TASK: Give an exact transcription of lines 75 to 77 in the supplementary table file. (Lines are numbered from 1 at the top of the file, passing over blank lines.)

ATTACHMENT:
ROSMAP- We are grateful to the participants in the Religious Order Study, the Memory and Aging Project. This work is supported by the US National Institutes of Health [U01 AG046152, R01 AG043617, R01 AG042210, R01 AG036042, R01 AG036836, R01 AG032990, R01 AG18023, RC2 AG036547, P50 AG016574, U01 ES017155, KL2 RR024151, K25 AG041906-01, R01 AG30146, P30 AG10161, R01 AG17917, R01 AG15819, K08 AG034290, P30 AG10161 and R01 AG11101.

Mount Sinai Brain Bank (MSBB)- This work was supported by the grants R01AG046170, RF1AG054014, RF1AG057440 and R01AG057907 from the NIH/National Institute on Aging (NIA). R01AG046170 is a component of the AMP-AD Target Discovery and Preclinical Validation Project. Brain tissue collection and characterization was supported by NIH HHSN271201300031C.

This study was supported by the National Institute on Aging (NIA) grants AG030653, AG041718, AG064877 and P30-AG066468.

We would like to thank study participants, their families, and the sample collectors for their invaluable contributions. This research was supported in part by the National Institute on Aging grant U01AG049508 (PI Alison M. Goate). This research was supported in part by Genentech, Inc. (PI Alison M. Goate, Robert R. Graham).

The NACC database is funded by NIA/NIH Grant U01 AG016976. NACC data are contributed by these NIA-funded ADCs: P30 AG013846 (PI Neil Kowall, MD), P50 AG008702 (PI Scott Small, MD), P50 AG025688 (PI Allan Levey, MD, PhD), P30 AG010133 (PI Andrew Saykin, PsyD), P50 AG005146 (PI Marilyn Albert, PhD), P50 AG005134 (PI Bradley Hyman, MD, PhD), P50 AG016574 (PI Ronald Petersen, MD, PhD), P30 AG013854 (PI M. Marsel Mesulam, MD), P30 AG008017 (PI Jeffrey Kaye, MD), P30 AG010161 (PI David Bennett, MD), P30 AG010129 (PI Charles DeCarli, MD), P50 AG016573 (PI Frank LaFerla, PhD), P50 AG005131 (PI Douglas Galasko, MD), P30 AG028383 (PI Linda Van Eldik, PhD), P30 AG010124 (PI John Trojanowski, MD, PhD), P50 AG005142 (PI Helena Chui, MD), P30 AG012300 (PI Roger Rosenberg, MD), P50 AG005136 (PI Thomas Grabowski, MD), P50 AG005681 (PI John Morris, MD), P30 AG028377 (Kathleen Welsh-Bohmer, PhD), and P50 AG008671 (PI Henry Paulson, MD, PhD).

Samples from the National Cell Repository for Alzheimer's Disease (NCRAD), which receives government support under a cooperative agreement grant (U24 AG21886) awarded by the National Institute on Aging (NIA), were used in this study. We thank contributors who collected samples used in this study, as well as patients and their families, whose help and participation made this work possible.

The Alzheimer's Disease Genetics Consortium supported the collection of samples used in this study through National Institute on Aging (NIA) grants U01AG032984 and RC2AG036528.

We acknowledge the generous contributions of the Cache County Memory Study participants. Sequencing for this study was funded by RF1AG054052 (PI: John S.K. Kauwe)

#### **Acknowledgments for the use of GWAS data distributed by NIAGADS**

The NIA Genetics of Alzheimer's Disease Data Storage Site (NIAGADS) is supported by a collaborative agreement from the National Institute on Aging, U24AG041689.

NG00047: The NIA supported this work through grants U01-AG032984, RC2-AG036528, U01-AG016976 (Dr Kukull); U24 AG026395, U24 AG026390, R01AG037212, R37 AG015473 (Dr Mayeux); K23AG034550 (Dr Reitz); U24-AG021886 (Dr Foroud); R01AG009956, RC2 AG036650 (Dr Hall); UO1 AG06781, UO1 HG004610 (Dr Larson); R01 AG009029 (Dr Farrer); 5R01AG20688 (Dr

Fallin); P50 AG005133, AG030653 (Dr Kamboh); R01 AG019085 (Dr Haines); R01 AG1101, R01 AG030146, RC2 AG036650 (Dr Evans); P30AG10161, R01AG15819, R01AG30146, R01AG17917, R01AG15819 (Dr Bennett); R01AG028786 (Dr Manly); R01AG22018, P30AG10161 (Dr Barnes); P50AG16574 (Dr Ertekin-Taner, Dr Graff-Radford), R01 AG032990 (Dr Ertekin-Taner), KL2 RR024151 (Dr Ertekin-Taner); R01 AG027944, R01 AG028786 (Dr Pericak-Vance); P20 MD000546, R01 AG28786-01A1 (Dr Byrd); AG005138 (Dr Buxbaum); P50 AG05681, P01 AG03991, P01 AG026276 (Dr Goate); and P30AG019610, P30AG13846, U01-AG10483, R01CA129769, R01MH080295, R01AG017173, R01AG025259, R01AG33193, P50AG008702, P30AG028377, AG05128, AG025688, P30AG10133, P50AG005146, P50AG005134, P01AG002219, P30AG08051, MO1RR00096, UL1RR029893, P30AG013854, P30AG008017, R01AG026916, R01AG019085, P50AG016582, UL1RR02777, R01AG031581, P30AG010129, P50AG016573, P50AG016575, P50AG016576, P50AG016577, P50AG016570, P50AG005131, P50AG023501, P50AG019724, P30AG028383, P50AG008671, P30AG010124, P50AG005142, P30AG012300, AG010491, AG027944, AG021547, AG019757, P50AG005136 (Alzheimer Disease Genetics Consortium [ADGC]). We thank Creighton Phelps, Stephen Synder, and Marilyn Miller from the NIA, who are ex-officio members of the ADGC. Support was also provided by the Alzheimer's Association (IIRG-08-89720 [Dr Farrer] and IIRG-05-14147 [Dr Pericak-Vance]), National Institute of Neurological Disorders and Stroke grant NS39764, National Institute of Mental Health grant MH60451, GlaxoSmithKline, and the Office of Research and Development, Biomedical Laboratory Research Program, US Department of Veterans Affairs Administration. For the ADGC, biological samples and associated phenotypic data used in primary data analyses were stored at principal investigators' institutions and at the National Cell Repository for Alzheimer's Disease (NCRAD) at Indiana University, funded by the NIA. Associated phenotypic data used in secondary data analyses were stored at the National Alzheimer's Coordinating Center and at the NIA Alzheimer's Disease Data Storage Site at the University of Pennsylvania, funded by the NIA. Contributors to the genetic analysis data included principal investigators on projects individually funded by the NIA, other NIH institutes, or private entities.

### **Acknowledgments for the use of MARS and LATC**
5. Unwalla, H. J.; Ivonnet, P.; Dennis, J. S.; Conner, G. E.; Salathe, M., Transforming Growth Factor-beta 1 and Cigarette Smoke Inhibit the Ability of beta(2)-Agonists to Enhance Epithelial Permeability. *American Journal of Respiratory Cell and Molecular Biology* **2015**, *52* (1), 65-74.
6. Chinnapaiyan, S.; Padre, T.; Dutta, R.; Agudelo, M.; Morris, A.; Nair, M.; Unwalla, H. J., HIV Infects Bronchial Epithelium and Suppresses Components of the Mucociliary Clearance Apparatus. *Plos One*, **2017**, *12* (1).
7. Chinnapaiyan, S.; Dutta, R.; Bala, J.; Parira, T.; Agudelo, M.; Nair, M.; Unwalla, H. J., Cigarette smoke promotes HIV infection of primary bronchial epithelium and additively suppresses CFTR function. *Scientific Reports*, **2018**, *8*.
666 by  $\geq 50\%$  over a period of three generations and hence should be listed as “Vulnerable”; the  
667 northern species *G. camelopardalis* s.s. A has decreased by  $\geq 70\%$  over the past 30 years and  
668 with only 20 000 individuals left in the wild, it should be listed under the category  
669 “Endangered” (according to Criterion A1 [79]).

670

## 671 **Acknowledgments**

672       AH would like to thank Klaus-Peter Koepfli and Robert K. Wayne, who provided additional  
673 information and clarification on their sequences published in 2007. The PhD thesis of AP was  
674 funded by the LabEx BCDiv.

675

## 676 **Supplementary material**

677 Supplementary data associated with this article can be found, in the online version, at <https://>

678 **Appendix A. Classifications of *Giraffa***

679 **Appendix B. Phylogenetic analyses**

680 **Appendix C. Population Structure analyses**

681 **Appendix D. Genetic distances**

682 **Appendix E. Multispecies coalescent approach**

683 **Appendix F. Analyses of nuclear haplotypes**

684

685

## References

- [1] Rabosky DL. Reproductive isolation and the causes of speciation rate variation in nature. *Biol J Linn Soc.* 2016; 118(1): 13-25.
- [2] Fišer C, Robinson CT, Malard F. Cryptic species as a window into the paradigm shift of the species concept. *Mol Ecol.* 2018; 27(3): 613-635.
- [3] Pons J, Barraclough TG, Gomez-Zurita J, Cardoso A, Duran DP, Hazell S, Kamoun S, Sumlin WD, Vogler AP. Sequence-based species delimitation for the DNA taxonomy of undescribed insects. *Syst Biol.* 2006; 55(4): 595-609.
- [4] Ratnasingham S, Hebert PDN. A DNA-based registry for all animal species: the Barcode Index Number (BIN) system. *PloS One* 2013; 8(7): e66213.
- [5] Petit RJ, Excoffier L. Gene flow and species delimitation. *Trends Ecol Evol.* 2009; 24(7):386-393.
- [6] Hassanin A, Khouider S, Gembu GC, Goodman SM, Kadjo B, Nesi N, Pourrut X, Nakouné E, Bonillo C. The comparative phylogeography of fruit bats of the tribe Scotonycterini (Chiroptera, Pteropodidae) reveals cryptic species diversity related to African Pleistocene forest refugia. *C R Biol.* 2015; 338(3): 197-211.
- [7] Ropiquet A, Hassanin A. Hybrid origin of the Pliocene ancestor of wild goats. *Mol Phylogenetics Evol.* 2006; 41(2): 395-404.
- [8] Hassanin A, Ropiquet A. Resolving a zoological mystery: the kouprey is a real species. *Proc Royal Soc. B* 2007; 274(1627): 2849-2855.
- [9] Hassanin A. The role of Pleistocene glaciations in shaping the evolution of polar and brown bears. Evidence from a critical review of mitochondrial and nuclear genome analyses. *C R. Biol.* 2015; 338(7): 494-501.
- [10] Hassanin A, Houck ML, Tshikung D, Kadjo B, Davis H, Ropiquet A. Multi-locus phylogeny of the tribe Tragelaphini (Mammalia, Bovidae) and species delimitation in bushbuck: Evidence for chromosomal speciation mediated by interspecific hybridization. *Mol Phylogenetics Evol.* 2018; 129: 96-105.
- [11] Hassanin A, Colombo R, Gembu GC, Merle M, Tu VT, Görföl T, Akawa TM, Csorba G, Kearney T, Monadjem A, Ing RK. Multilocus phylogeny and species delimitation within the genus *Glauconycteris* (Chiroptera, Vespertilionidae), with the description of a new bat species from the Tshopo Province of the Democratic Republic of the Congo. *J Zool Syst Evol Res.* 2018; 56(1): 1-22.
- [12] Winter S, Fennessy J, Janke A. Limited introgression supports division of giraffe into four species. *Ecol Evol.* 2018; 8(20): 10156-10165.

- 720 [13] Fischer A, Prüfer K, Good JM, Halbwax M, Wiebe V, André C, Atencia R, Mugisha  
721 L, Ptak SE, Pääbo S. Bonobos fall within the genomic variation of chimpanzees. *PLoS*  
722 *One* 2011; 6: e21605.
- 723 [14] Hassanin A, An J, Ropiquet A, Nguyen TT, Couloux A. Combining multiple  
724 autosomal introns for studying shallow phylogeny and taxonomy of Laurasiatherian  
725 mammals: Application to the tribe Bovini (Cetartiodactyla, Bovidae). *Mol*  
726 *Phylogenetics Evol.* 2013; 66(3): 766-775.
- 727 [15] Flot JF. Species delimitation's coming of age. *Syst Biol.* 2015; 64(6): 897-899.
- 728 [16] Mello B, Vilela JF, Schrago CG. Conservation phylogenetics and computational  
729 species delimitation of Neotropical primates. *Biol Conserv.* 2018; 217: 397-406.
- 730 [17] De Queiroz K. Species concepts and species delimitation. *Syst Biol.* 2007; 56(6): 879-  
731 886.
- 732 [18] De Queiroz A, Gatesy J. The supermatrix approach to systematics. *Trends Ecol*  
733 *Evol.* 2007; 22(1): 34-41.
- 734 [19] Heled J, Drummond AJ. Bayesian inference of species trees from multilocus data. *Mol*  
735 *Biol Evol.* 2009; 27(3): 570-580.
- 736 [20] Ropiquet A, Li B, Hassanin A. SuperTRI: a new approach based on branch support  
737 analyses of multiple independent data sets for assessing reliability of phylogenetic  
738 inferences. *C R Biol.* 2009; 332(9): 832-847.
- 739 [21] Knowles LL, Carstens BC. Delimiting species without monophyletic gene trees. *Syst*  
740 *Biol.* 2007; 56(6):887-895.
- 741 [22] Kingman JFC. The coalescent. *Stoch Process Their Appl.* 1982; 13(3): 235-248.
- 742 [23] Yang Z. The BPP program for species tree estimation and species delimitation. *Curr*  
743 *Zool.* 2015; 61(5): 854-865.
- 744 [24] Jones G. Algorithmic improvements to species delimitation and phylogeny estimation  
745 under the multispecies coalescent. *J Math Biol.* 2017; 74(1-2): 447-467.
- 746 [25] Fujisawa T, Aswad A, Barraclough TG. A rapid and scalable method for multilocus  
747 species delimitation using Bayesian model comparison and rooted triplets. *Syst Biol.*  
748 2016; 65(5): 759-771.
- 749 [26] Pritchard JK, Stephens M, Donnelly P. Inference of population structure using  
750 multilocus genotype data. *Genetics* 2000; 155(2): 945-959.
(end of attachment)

745 under the multispecies coalescent. *J Math Biol.* 2017; 74(1-2): 447-467.
- 746 [25] Fujisawa T, Aswad A, Barraclough TG. A rapid and scalable method for multilocus  
747 species delimitation using Bayesian model comparison and rooted triplets. *Syst Biol.*  